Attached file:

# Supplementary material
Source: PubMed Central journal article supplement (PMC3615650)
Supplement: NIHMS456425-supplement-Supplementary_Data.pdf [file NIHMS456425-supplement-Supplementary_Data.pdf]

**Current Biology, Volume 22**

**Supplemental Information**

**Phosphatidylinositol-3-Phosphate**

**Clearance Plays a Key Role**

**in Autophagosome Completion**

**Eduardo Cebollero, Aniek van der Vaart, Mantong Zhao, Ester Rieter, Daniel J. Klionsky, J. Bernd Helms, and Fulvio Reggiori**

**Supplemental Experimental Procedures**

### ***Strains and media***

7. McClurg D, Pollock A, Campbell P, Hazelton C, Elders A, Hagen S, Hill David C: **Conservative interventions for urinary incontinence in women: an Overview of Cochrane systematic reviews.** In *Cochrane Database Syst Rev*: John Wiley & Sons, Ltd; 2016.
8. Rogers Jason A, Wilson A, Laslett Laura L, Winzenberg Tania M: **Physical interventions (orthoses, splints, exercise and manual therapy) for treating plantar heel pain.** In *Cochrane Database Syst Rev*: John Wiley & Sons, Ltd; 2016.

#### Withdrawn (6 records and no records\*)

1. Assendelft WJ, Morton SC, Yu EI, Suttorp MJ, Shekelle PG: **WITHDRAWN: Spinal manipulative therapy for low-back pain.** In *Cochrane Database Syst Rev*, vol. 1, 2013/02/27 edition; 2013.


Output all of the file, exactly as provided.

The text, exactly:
# Supplementary material
Source: PubMed Central journal article supplement (PMC3615650)
Supplement: NIHMS456425-supplement-Supplementary_Data.pdf [file NIHMS456425-supplement-Supplementary_Data.pdf]

**Current Biology, Volume 22**

**Supplemental Information**

**Phosphatidylinositol-3-Phosphate**

**Clearance Plays a Key Role**

**in Autophagosome Completion**

**Eduardo Cebollero, Aniek van der Vaart, Mantong Zhao, Ester Rieter, Daniel J. Klionsky, J. Bernd Helms, and Fulvio Reggiori**

**Supplemental Experimental Procedures**

### ***Strains and media***

7. McClurg D, Pollock A, Campbell P, Hazelton C, Elders A, Hagen S, Hill David C: **Conservative interventions for urinary incontinence in women: an Overview of Cochrane systematic reviews.** In *Cochrane Database Syst Rev*: John Wiley & Sons, Ltd; 2016.
8. Rogers Jason A, Wilson A, Laslett Laura L, Winzenberg Tania M: **Physical interventions (orthoses, splints, exercise and manual therapy) for treating plantar heel pain.** In *Cochrane Database Syst Rev*: John Wiley & Sons, Ltd; 2016.

#### Withdrawn (6 records and no records\*)

1. Assendelft WJ, Morton SC, Yu EI, Suttorp MJ, Shekelle PG: **WITHDRAWN: Spinal manipulative therapy for low-back pain.** In *Cochrane Database Syst Rev*, vol. 1, 2013/02/27 edition; 2013.